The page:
Intervention with GLP-1 analogs has previously been shown to affect the metabolic parameters in PCOS. In several smaller trials on women with PCOS, GLP-1 analogs were found to reduce well-known risk factors of CVD: body weight, waist circumference and visceral adipose tissue (28, 31, 32), whereas results regarding HOMA-IR are conflicting (28, 29, 30) and results on hsCRP are sparse and inconsistent (28, 29). In PCOS, metformin seems to attenuate endothelial dysfunction and low-grade inflammation, evaluated as levels of PAI-1 and hsCRP (24, 38, 39, 40). However, results are conflicting (41), and most of the studies are single-armed or open-labeled, testing metformin vs COC. Physical exercise was found to reduce BMI as well as levels of PAI-1 and hsCRP compared to baseline in a six-month RCT on 136 women with PCOS (42). However, the effect disappeared when compared with placebo or COC (42). Also, a lifestyle-induced weight loss of 8–11% was found to cause reduced levels of PAI-1 in an obese PCOS population (43). As most interventional studies on endothelial function and low-grade inflammation in PCOS lack a placebo arm, we cannot easily compare our findings.

Possibly GLP-1 analogs influence hemostasis in a direct way. The effect of GLP-1 analogs on hemostasis has been studied in vitro and in animal models. Human megakaryocytes have been found to express GLP-1 receptors and both human and murine blood incubated with the GLP-1 analog exenatide have been found to have reduced in vitro thrombus formation (44). Arterial thrombus formation decreased in mice treated with i.v. exenatide, suggesting GLP-1 analogs to reduce platelet aggregation by inhibiting the release of α- and dense granules (44). Moreover, liraglutide has been shown to attenuate high-glucose-mediated PAI-1 expression in human endothelial cells (45).

The anti-atherothrombotic potential of GLP-1-based therapies has been studied both in type 2 diabetes and obesity and have been found to reduce the levels of hsCRP and PAI-1 in both conditions (26, 27). In the recent LEADER trial including more than 9000 patients with type 2 diabetes and a concomitant cardiovascular condition, liraglutide reduced the occurrence of CVD events and the rate of CVD death, as compared with placebo, as an add-on medication (46). The LEADER population was large and therefore at considerably greater risk of CVD events than our, younger, population still being relatively healthy with regard to having obtained a major cardiovascular burden.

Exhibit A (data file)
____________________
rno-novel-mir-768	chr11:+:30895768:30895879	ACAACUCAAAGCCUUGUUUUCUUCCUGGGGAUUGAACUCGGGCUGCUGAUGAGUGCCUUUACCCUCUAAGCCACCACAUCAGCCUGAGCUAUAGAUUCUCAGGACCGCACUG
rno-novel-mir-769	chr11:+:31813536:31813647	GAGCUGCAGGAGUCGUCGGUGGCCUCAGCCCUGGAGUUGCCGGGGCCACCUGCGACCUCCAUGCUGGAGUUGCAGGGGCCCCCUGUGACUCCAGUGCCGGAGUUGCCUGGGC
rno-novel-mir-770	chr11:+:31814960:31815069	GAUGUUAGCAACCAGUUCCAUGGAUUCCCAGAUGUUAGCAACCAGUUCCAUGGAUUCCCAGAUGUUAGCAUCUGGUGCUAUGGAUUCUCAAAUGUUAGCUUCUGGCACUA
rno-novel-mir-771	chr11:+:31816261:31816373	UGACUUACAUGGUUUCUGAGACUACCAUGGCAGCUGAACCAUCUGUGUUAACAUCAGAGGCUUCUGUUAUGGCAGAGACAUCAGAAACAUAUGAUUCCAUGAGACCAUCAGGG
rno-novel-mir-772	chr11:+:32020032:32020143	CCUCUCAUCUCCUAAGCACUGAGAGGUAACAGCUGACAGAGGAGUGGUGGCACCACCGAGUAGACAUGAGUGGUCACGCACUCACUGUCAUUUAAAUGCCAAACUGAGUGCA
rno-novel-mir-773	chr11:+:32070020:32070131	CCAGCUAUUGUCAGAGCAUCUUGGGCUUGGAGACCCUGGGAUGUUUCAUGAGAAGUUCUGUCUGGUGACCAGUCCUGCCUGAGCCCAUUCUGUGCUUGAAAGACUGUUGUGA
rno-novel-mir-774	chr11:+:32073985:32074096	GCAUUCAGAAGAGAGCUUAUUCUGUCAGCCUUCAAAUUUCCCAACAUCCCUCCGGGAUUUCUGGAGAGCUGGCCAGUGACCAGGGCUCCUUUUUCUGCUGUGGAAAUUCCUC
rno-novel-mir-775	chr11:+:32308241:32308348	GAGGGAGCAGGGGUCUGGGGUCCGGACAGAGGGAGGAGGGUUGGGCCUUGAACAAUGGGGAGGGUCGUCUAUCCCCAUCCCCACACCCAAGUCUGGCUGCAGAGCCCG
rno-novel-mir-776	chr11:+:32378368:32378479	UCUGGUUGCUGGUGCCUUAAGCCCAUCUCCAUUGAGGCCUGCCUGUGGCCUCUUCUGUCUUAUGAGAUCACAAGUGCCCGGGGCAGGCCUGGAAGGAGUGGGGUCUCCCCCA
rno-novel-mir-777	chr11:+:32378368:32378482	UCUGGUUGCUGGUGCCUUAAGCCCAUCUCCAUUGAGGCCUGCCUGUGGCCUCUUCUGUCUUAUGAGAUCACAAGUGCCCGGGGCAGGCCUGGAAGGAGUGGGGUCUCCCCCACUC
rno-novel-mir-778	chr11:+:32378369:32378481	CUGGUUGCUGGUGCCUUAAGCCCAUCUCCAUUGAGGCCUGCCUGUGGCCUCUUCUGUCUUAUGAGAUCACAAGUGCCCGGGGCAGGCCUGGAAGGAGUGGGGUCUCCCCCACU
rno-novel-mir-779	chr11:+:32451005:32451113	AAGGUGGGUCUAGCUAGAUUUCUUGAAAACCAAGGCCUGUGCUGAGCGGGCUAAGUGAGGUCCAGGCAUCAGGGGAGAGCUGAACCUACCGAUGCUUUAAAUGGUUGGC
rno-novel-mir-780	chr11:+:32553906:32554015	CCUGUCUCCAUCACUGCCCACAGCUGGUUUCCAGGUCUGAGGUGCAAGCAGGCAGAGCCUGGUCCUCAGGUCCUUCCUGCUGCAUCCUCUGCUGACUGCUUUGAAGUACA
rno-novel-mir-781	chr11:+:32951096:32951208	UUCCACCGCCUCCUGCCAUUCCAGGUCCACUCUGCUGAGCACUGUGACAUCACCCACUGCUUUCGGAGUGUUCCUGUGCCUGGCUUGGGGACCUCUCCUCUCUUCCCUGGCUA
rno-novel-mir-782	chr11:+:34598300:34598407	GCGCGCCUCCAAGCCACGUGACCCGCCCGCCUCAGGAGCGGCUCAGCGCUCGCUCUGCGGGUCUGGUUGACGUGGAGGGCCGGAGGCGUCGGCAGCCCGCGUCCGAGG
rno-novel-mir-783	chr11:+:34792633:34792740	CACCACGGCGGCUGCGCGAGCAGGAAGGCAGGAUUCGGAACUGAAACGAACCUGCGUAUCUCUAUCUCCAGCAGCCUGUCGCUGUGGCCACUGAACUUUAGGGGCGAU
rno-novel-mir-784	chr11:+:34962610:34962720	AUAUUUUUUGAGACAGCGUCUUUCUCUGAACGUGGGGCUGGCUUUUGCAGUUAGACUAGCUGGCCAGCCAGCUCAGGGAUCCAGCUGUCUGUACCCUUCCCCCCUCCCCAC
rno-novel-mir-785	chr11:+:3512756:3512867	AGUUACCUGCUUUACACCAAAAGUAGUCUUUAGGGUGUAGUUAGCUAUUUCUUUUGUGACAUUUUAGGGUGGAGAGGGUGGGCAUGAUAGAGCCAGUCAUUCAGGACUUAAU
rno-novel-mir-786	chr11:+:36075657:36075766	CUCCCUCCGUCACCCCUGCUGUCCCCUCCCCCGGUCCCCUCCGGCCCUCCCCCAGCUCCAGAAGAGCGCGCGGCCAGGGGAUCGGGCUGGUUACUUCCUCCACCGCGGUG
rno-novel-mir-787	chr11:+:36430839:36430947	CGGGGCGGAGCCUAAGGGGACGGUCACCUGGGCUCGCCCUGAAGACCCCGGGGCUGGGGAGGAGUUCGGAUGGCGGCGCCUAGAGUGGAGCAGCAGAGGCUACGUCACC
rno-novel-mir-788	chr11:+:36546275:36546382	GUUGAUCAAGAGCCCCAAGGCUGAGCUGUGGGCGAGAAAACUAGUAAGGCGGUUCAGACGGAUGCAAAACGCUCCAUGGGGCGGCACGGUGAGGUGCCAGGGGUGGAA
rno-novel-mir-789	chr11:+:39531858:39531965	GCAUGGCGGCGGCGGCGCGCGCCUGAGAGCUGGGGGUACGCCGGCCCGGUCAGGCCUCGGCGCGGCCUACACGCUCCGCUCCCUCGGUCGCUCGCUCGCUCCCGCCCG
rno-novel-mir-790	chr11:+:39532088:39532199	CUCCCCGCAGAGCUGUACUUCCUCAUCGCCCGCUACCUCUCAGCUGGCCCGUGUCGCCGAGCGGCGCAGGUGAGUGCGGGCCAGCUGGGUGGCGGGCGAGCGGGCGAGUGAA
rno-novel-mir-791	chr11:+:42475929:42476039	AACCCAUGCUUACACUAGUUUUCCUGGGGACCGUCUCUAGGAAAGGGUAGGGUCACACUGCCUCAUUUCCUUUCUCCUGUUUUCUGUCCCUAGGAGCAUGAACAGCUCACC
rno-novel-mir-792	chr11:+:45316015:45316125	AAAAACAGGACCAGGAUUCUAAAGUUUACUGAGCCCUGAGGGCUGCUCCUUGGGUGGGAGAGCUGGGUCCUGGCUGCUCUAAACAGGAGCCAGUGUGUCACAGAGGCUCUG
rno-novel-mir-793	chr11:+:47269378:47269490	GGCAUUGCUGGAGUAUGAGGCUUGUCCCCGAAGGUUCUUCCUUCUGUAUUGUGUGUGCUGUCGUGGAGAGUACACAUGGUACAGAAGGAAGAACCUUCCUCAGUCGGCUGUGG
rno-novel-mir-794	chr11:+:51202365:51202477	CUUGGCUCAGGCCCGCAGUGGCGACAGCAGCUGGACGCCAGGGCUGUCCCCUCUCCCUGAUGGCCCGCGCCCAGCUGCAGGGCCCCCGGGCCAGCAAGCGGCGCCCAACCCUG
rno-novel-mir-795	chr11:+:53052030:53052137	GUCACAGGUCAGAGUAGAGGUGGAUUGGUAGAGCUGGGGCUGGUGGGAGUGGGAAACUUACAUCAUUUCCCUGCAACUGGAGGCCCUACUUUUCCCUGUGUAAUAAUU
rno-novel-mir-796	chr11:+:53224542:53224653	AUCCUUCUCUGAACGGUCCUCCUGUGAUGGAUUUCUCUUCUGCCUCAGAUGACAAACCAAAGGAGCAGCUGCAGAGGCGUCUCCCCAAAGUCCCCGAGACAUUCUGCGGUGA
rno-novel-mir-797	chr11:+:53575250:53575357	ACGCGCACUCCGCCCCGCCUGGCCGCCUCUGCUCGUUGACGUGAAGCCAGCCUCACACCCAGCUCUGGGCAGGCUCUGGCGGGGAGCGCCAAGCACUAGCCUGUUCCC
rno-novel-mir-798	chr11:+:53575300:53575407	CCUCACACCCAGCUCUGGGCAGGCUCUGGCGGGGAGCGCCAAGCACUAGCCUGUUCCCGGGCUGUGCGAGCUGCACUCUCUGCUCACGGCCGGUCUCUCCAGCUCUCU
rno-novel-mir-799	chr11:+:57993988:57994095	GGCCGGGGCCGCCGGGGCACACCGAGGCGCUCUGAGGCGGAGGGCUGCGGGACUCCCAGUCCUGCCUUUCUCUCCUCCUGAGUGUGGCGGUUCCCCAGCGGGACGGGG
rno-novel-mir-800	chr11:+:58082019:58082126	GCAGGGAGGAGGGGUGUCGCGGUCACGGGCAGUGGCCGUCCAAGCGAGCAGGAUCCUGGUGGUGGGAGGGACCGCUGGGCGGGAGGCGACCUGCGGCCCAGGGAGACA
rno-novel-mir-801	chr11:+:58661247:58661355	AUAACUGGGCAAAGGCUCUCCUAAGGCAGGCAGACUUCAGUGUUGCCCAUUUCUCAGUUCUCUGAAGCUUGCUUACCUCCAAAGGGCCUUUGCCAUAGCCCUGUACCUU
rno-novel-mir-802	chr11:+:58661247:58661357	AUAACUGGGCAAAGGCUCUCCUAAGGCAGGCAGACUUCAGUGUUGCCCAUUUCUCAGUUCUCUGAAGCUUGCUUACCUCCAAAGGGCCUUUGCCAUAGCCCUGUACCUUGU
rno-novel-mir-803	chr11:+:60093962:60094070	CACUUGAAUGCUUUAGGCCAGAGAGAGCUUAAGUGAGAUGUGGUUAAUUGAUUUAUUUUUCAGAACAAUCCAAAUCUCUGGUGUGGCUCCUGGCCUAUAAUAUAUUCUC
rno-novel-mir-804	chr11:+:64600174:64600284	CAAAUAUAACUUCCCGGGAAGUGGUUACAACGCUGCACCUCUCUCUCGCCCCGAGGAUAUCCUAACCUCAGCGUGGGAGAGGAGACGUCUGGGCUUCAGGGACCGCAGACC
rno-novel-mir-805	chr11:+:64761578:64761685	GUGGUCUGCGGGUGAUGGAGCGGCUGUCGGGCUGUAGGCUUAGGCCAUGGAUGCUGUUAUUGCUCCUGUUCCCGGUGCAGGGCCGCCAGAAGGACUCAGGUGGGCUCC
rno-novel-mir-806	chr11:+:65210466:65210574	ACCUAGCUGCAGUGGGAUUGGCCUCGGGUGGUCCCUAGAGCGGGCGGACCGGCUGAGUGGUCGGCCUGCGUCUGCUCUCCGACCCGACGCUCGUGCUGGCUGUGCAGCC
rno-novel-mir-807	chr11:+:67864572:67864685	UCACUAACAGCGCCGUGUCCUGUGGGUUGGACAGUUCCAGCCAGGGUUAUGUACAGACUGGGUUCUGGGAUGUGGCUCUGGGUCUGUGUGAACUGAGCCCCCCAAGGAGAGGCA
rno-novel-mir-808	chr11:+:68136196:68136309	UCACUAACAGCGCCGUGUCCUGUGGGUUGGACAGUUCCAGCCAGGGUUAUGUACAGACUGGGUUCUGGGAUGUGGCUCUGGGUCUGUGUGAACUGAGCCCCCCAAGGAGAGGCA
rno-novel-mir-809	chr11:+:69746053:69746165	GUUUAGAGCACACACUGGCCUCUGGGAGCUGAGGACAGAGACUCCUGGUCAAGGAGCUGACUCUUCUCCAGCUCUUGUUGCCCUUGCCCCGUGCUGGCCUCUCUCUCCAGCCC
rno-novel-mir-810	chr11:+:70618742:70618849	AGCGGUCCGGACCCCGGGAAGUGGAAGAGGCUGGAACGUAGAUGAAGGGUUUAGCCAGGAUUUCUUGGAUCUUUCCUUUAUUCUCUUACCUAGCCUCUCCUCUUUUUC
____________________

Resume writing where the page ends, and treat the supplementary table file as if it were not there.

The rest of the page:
This study has several strengths: the placebo-controlled RCT design, the high external validity and the low dropout rate. However, there are some limitations. Only 83% of the women in the liraglutide group completed the study at the intended dose (1.8 mg/day). An explanation for finding unaltered thrombin generation and levels of hsCRP and vWF with liraglutide therapy could be that our population was relatively ‘metabolically healthy’. Worth noting is that the baseline fasting glucose and lipid levels were within normal range, despite the high mean BMI (33 kg/m2) and waist circumference (103 cm). Inclusion of women being at a higher risk of CVD, i.e., with even higher BMI, reduced glucose tolerance, overt diabetes or dyslipidemia, might have given different results. This might also have been obtained by using the National Institutes of Health criteria instead of the Rotterdam criteria (3) and including older women. Our lack of findings might be due to lack of power. The fact that some of the TGT parameters were altered in the liraglutide group indicates that there may be an effect of the treatment, but the population might be too small to identify it. Also, when looking at the CIs, we can neither confirm nor rule out a beneficial effect of liraglutide on thrombin generation.

In conclusion, in an overweight PCOS population, 26 weeks of liraglutide intervention caused minor alterations in thrombin generation parameters, but no difference in overall thrombin generation when compared to placebo. We observed a substantial weight loss and a trend toward improved fibrinolytic potential. Taken together, the results point toward beneficial effects on markers of VTE and CVD risk, which are promising, but need to be corroborated in larger studies. Liraglutide was well tolerated, although one should be aware of the risk of weight loss-related gallbladder stone attacks in a population of young overweight women.

Declaration of interest

M N, S F and S O S have nothing to disclose. C K and J F have given lectures at NovoNordisk sponsored symposia. C K is a member of a NovoNordisk Advisory board. J F is a member of NovoNordisk Advisory board with regard to liraglutide treatment in diabetes.

Funding

M N was supported by a grant from the University of Copenhagen throughout the study period. The study was investigator-initiated and funded by Novo Nordisk A/S, who contributed with study and placebo drug and with a grant, covering preparation of the study as well as expenses to laboratory measures. The funds were unconditioned in relation to study design, collection, analysis and interpretation of data as well as on writing the manuscript, but Novo Nordisk A/S had access to the manuscript prior to submission.

Author contribution statement

J F, S O S and C K initiated the study and all five authors contributed to the protocol. S F and M N conducted the study and collected the data. All authors contributed to intellectual interpretation of the results. M N performed the statistical analyses and produced the manuscript, which all co-authors have read and approved.

Acknowledgements